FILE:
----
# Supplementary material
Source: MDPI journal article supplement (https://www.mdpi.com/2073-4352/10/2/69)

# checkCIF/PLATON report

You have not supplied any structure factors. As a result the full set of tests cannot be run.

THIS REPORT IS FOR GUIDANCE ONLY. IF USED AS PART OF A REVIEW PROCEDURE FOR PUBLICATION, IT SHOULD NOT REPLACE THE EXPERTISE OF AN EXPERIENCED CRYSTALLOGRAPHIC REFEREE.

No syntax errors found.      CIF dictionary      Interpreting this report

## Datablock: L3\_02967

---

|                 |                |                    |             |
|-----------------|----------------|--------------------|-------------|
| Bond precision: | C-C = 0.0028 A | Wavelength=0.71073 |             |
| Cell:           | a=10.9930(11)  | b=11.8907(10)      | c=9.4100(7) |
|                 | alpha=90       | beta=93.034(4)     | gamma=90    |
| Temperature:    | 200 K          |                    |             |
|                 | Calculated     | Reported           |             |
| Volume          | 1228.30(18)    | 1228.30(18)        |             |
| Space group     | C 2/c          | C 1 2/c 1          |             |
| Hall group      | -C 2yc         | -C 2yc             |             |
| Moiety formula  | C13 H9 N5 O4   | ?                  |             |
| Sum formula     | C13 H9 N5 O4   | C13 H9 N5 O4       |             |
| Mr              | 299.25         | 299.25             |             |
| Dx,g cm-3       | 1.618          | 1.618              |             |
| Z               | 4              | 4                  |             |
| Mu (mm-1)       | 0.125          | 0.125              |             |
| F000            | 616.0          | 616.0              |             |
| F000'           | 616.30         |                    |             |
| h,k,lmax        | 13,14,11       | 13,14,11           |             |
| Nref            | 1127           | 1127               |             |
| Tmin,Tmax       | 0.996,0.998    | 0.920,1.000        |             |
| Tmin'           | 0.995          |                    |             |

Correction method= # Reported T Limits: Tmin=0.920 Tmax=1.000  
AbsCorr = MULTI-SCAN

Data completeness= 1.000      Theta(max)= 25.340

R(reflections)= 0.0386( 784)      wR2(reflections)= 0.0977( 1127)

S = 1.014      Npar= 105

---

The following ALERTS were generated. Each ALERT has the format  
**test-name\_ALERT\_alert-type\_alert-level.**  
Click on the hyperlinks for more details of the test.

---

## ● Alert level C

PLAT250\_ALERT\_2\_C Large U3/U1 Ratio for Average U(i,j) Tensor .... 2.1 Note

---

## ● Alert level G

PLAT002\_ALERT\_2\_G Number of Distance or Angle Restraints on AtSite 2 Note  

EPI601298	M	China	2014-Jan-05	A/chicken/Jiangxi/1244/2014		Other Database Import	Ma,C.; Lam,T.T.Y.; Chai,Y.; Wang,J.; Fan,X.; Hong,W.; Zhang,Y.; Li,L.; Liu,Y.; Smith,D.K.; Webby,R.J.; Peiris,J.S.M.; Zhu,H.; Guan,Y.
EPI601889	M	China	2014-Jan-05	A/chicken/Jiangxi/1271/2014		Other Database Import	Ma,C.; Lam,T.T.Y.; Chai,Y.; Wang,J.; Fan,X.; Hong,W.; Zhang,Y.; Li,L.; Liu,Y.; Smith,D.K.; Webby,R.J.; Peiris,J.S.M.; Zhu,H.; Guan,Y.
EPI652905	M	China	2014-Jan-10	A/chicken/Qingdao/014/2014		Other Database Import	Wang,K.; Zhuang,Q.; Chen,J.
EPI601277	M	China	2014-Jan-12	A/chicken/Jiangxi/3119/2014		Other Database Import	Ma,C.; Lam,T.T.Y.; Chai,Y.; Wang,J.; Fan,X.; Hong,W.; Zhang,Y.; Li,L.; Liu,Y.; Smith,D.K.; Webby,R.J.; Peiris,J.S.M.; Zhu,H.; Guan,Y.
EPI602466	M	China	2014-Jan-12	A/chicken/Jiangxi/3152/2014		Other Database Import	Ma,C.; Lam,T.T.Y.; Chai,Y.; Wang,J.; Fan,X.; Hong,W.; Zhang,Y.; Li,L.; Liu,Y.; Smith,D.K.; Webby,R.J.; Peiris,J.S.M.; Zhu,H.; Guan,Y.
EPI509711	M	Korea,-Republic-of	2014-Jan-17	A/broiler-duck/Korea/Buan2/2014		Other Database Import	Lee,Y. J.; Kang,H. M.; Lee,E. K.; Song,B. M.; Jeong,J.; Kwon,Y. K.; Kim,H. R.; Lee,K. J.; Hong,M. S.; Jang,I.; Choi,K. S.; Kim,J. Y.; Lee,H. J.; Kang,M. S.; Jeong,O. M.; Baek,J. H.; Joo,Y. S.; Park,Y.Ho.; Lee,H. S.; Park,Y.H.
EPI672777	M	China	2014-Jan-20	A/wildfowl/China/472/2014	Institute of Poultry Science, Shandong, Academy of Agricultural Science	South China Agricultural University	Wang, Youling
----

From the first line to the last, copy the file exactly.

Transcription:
# Supplementary material
Source: MDPI journal article supplement (https://www.mdpi.com/2073-4352/10/2/69)

# checkCIF/PLATON report

You have not supplied any structure factors. As a result the full set of tests cannot be run.

THIS REPORT IS FOR GUIDANCE ONLY. IF USED AS PART OF A REVIEW PROCEDURE FOR PUBLICATION, IT SHOULD NOT REPLACE THE EXPERTISE OF AN EXPERIENCED CRYSTALLOGRAPHIC REFEREE.

No syntax errors found.      CIF dictionary      Interpreting this report

## Datablock: L3\_02967

---

|                 |                |                    |             |
|-----------------|----------------|--------------------|-------------|
| Bond precision: | C-C = 0.0028 A | Wavelength=0.71073 |             |
| Cell:           | a=10.9930(11)  | b=11.8907(10)      | c=9.4100(7) |
|                 | alpha=90       | beta=93.034(4)     | gamma=90    |
| Temperature:    | 200 K          |                    |             |
|                 | Calculated     | Reported           |             |
| Volume          | 1228.30(18)    | 1228.30(18)        |             |
| Space group     | C 2/c          | C 1 2/c 1          |             |
| Hall group      | -C 2yc         | -C 2yc             |             |
| Moiety formula  | C13 H9 N5 O4   | ?                  |             |
| Sum formula     | C13 H9 N5 O4   | C13 H9 N5 O4       |             |
| Mr              | 299.25         | 299.25             |             |
| Dx,g cm-3       | 1.618          | 1.618              |             |
| Z               | 4              | 4                  |             |
| Mu (mm-1)       | 0.125          | 0.125              |             |
| F000            | 616.0          | 616.0              |             |
| F000'           | 616.30         |                    |             |
| h,k,lmax        | 13,14,11       | 13,14,11           |             |
| Nref            | 1127           | 1127               |             |
| Tmin,Tmax       | 0.996,0.998    | 0.920,1.000        |             |
| Tmin'           | 0.995          |                    |             |

Correction method= # Reported T Limits: Tmin=0.920 Tmax=1.000  
AbsCorr = MULTI-SCAN

Data completeness= 1.000      Theta(max)= 25.340

R(reflections)= 0.0386( 784)      wR2(reflections)= 0.0977( 1127)

S = 1.014      Npar= 105

---

The following ALERTS were generated. Each ALERT has the format  
**test-name\_ALERT\_alert-type\_alert-level.**  
Click on the hyperlinks for more details of the test.

---

## ● Alert level C

PLAT250\_ALERT\_2\_C Large U3/U1 Ratio for Average U(i,j) Tensor .... 2.1 Note

---

## ● Alert level G

PLAT002\_ALERT\_2\_G Number of Distance or Angle Restraints on AtSite 2 Note  

EPI601298	M	China	2014-Jan-05	A/chicken/Jiangxi/1244/2014		Other Database Import	Ma,C.; Lam,T.T.Y.; Chai,Y.; Wang,J.; Fan,X.; Hong,W.; Zhang,Y.; Li,L.; Liu,Y.; Smith,D.K.; Webby,R.J.; Peiris,J.S.M.; Zhu,H.; Guan,Y.
EPI601889	M	China	2014-Jan-05	A/chicken/Jiangxi/1271/2014		Other Database Import	Ma,C.; Lam,T.T.Y.; Chai,Y.; Wang,J.; Fan,X.; Hong,W.; Zhang,Y.; Li,L.; Liu,Y.; Smith,D.K.; Webby,R.J.; Peiris,J.S.M.; Zhu,H.; Guan,Y.
EPI652905	M	China	2014-Jan-10	A/chicken/Qingdao/014/2014		Other Database Import	Wang,K.; Zhuang,Q.; Chen,J.
EPI601277	M	China	2014-Jan-12	A/chicken/Jiangxi/3119/2014		Other Database Import	Ma,C.; Lam,T.T.Y.; Chai,Y.; Wang,J.; Fan,X.; Hong,W.; Zhang,Y.; Li,L.; Liu,Y.; Smith,D.K.; Webby,R.J.; Peiris,J.S.M.; Zhu,H.; Guan,Y.
EPI602466	M	China	2014-Jan-12	A/chicken/Jiangxi/3152/2014		Other Database Import	Ma,C.; Lam,T.T.Y.; Chai,Y.; Wang,J.; Fan,X.; Hong,W.; Zhang,Y.; Li,L.; Liu,Y.; Smith,D.K.; Webby,R.J.; Peiris,J.S.M.; Zhu,H.; Guan,Y.
EPI509711	M	Korea,-Republic-of	2014-Jan-17	A/broiler-duck/Korea/Buan2/2014		Other Database Import	Lee,Y. J.; Kang,H. M.; Lee,E. K.; Song,B. M.; Jeong,J.; Kwon,Y. K.; Kim,H. R.; Lee,K. J.; Hong,M. S.; Jang,I.; Choi,K. S.; Kim,J. Y.; Lee,H. J.; Kang,M. S.; Jeong,O. M.; Baek,J. H.; Joo,Y. S.; Park,Y.Ho.; Lee,H. S.; Park,Y.H.
EPI672777	M	China	2014-Jan-20	A/wildfowl/China/472/2014	Institute of Poultry Science, Shandong, Academy of Agricultural Science	South China Agricultural University	Wang, Youling